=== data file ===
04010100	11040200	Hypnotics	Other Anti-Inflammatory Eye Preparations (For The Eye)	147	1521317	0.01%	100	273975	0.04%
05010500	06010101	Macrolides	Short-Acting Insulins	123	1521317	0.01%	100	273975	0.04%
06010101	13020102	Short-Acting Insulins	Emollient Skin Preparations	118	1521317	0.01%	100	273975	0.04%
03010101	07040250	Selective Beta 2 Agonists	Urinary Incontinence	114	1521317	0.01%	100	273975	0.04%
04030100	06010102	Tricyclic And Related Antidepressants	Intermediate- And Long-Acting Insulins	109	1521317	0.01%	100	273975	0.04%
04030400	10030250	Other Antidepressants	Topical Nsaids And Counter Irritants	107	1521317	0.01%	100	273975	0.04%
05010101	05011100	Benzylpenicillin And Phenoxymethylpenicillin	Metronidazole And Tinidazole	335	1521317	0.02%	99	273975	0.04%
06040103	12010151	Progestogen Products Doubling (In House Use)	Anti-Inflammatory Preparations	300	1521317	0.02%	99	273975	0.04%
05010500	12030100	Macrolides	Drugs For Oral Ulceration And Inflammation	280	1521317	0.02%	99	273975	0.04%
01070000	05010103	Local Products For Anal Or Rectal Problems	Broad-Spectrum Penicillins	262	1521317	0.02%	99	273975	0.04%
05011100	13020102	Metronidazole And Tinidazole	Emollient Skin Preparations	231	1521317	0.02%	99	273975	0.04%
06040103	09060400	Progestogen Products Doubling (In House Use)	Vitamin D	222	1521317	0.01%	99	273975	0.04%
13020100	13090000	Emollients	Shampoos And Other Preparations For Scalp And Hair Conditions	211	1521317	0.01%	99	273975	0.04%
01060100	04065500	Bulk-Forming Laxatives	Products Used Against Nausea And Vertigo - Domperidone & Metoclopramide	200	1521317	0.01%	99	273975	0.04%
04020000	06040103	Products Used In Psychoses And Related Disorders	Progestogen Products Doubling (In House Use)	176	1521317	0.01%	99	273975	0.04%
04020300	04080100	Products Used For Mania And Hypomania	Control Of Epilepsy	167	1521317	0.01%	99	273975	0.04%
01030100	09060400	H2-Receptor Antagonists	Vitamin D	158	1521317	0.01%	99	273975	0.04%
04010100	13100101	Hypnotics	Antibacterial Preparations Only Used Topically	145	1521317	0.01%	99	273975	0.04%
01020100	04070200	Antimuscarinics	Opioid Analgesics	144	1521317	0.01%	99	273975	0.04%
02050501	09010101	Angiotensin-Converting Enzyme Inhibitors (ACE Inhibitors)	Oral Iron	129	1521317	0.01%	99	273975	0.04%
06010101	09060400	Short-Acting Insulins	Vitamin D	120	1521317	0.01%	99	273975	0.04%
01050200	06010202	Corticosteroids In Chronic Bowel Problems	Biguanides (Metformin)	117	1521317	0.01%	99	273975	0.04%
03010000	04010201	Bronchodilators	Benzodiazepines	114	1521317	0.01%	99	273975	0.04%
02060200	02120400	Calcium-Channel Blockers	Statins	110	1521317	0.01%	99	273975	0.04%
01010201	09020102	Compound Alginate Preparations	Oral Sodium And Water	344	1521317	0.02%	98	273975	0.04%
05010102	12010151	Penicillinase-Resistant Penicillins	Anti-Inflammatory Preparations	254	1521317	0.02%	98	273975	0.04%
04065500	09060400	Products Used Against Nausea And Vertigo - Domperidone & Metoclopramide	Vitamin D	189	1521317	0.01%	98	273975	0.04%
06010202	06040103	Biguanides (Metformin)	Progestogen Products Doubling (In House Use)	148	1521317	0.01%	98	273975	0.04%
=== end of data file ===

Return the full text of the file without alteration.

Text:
04010100	11040200	Hypnotics	Other Anti-Inflammatory Eye Preparations (For The Eye)	147	1521317	0.01%	100	273975	0.04%
05010500	06010101	Macrolides	Short-Acting Insulins	123	1521317	0.01%	100	273975	0.04%
06010101	13020102	Short-Acting Insulins	Emollient Skin Preparations	118	1521317	0.01%	100	273975	0.04%
03010101	07040250	Selective Beta 2 Agonists	Urinary Incontinence	114	1521317	0.01%	100	273975	0.04%
04030100	06010102	Tricyclic And Related Antidepressants	Intermediate- And Long-Acting Insulins	109	1521317	0.01%	100	273975	0.04%
04030400	10030250	Other Antidepressants	Topical Nsaids And Counter Irritants	107	1521317	0.01%	100	273975	0.04%
05010101	05011100	Benzylpenicillin And Phenoxymethylpenicillin	Metronidazole And Tinidazole	335	1521317	0.02%	99	273975	0.04%
06040103	12010151	Progestogen Products Doubling (In House Use)	Anti-Inflammatory Preparations	300	1521317	0.02%	99	273975	0.04%
05010500	12030100	Macrolides	Drugs For Oral Ulceration And Inflammation	280	1521317	0.02%	99	273975	0.04%
01070000	05010103	Local Products For Anal Or Rectal Problems	Broad-Spectrum Penicillins	262	1521317	0.02%	99	273975	0.04%
05011100	13020102	Metronidazole And Tinidazole	Emollient Skin Preparations	231	1521317	0.02%	99	273975	0.04%
06040103	09060400	Progestogen Products Doubling (In House Use)	Vitamin D	222	1521317	0.01%	99	273975	0.04%
13020100	13090000	Emollients	Shampoos And Other Preparations For Scalp And Hair Conditions	211	1521317	0.01%	99	273975	0.04%
01060100	04065500	Bulk-Forming Laxatives	Products Used Against Nausea And Vertigo - Domperidone & Metoclopramide	200	1521317	0.01%	99	273975	0.04%
04020000	06040103	Products Used In Psychoses And Related Disorders	Progestogen Products Doubling (In House Use)	176	1521317	0.01%	99	273975	0.04%
04020300	04080100	Products Used For Mania And Hypomania	Control Of Epilepsy	167	1521317	0.01%	99	273975	0.04%
01030100	09060400	H2-Receptor Antagonists	Vitamin D	158	1521317	0.01%	99	273975	0.04%
04010100	13100101	Hypnotics	Antibacterial Preparations Only Used Topically	145	1521317	0.01%	99	273975	0.04%
01020100	04070200	Antimuscarinics	Opioid Analgesics	144	1521317	0.01%	99	273975	0.04%
02050501	09010101	Angiotensin-Converting Enzyme Inhibitors (ACE Inhibitors)	Oral Iron	129	1521317	0.01%	99	273975	0.04%
06010101	09060400	Short-Acting Insulins	Vitamin D	120	1521317	0.01%	99	273975	0.04%
01050200	06010202	Corticosteroids In Chronic Bowel Problems	Biguanides (Metformin)	117	1521317	0.01%	99	273975	0.04%
03010000	04010201	Bronchodilators	Benzodiazepines	114	1521317	0.01%	99	273975	0.04%
02060200	02120400	Calcium-Channel Blockers	Statins	110	1521317	0.01%	99	273975	0.04%
01010201	09020102	Compound Alginate Preparations	Oral Sodium And Water	344	1521317	0.02%	98	273975	0.04%
05010102	12010151	Penicillinase-Resistant Penicillins	Anti-Inflammatory Preparations	254	1521317	0.02%	98	273975	0.04%
04065500	09060400	Products Used Against Nausea And Vertigo - Domperidone & Metoclopramide	Vitamin D	189	1521317	0.01%	98	273975	0.04%
06010202	06040103	Biguanides (Metformin)	Progestogen Products Doubling (In House Use)	148	1521317	0.01%	98	273975	0.04%